As a psychologist, I find myself extremely interested in observing—observing the world, observing people and animals, observing how we interact and connect to others. We often forget to take time to observe the world and how we fit into it; unlike our canine friends, we rarely stop to smell the roses (and other things). I believe this to be especially true today, more so than at any other time in history. In a world of Twitter, Instagram, selfies, and constant attachment to media, we have struggled to find true connection and meaning in relationship to ourselves and the world.
There is a video going around on social media of a woman engaging in different activities, such as hiking, bowling, dining with friends, etc. As she is doing them, it becomes obvious that the people around her are struggling to be present because of their attachment to electronic devices. As the world becomes more connected electronically, it seems we become more disconnected personally and relationally. After watching the video, I wondered: How can we learn to be and stay connected in this age of information?
Advancements in technology allow us to connect to the masses in ways we never could before, but what about our connections at a deeper, more meaningful, individual level? Within the existential/humanistic theory, it is believed that connection and relationship are the keys to change. Beginning with individual connectedness, we can affect the greater, collective connectedness. It is a genuine relationship which holds the essence for growth, change, and development.
Here are three ways we can achieve healthier connection:
- Connect with the self: Only 15 years ago, most of us were able to make it through the day without knowing where everyone was at all times. We were able to drive from destination A to B without having to check our phones or text. We went through the school or work day by engaging in conversation with classmates or coworkers rather than turning to electronic devices. To get back to basics, a few easy things one can do is to put the phone, tablet, or laptop down when driving, eating, in bed, etc. This does not mean you should stop using social media and electronic devices; at times, such resources can be useful. But giving yourself and those physically near you some time to connect to you, without an electronic device in the middle, can be liberating and foster relationship growth. Challenging yourself, for example, to go on a hike or walk without any form of distraction is a great start.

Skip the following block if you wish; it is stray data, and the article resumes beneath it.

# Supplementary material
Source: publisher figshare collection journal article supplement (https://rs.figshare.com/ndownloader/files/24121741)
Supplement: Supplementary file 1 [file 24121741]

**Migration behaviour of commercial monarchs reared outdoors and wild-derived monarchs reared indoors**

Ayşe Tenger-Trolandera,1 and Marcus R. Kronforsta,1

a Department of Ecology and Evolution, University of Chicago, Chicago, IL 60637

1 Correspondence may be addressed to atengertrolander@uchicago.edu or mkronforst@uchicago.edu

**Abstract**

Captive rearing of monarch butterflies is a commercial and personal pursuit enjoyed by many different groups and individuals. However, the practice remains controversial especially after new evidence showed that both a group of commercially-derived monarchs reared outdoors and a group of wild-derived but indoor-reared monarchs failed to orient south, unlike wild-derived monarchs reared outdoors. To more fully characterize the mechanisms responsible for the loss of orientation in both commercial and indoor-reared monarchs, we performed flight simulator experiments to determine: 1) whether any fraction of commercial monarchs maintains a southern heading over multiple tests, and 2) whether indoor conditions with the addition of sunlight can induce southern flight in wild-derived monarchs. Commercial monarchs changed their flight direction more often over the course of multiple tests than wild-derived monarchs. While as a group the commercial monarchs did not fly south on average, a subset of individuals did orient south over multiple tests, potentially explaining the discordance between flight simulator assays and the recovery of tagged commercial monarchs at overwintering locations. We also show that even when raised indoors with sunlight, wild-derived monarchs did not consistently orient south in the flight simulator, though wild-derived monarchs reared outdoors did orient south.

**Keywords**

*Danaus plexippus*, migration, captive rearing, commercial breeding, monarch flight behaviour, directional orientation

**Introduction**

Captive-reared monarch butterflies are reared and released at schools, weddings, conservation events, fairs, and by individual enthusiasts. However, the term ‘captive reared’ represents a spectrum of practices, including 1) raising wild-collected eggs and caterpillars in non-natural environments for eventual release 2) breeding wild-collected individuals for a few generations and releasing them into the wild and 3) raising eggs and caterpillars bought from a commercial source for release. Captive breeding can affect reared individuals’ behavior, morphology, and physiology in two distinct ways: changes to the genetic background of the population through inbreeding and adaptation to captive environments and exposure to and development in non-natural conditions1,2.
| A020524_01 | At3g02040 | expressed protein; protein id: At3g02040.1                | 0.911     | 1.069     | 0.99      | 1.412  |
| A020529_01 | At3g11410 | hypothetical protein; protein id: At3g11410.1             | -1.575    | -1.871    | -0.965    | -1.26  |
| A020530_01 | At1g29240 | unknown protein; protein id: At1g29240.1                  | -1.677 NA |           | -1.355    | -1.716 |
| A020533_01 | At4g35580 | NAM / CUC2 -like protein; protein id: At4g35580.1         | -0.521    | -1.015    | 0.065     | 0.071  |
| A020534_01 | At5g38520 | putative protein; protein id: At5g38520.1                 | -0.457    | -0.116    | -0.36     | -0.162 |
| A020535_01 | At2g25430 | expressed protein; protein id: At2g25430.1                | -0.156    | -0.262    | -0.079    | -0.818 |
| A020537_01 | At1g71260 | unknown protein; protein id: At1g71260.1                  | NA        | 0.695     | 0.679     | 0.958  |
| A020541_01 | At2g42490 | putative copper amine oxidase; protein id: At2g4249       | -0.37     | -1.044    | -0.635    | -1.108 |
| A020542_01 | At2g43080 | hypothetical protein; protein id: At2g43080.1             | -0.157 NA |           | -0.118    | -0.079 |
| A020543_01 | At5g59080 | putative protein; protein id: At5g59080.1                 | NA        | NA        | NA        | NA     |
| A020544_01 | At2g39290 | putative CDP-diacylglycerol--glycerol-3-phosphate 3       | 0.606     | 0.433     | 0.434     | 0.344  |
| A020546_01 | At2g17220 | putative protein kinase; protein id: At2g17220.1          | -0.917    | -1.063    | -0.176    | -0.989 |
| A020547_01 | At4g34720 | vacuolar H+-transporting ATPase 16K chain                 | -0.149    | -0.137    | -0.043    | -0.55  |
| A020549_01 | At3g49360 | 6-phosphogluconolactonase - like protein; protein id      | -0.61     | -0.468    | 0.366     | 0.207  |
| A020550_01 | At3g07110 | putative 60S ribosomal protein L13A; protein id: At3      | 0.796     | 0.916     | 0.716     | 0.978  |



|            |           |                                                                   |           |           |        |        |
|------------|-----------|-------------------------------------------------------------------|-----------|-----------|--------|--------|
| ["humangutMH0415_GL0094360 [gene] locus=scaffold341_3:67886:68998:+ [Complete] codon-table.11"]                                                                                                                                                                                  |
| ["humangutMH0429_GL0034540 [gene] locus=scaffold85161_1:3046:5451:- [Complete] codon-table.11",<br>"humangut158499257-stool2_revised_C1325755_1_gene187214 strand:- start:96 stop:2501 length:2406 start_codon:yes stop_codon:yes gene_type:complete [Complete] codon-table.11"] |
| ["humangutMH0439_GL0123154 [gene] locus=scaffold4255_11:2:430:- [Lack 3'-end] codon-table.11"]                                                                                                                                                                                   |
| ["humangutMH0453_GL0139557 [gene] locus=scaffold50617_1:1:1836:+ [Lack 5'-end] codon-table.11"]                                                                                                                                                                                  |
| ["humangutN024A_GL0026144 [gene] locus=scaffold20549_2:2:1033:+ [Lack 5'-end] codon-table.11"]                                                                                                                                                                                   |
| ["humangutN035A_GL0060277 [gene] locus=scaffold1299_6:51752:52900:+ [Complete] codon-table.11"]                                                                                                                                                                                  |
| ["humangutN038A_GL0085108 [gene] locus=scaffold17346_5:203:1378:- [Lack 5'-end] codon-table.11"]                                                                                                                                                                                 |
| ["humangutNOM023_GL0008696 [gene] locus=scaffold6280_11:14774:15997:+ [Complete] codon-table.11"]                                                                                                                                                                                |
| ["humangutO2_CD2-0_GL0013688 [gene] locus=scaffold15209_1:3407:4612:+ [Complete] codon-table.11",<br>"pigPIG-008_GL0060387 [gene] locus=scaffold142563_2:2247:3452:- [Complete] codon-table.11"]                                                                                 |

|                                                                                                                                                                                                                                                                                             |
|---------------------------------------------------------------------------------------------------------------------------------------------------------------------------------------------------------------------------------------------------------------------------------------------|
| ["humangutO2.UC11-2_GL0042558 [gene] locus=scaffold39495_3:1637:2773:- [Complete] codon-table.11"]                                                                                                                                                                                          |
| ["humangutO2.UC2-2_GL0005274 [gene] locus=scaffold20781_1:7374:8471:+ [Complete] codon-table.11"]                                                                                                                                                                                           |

- Set limits: Limit yourself to checking your phone, tablet, laptop, etc., a specific number of times each day. Over time, checking electronic devices becomes so habitual that we often do not recognize how much time we commit to them. For non-work-related purposes, allow yourself to check your phone, say, five times a day for five to 10 minutes each time. You may be surprised to realize that you were using your phone more than you thought. Anytime you have an urge to check your device, ask yourself what is really happening. Are you trying to avoid something? Distract yourself? Get news updates? What is the need behind the urge and why is it there?
- Seek transcendence: This is a skill that takes time, but the idea behind it is to allow yourself to truly be with the experience, relationship, and moment without distraction. Often we turn to devices in an effort to avoid dealing with our reality and thoughts we may have about ourselves. To be truly connected means allowing yourself to be aware and accepting of all that is within you and surrounds you—good and bad, pleasurable and painful, simple and confusing, etc.
As you embark on your journey to connection, take time to ask yourself what matters to you. When we get lost in the world of electronic distraction, we often lose ourselves and that which is most important to us. Connection is to be aware of yourself and your surroundings without judgment of self or others.
© Copyright 2014 GoodTherapy.org. All rights reserved. Permission to publish granted by Pooja Shah, PsyD, therapist in Bakersfield, California
The preceding article was solely written by the author named above. Any views and opinions expressed are not necessarily shared by GoodTherapy.org. Questions or concerns about the preceding article can be directed to the author or posted as a comment below.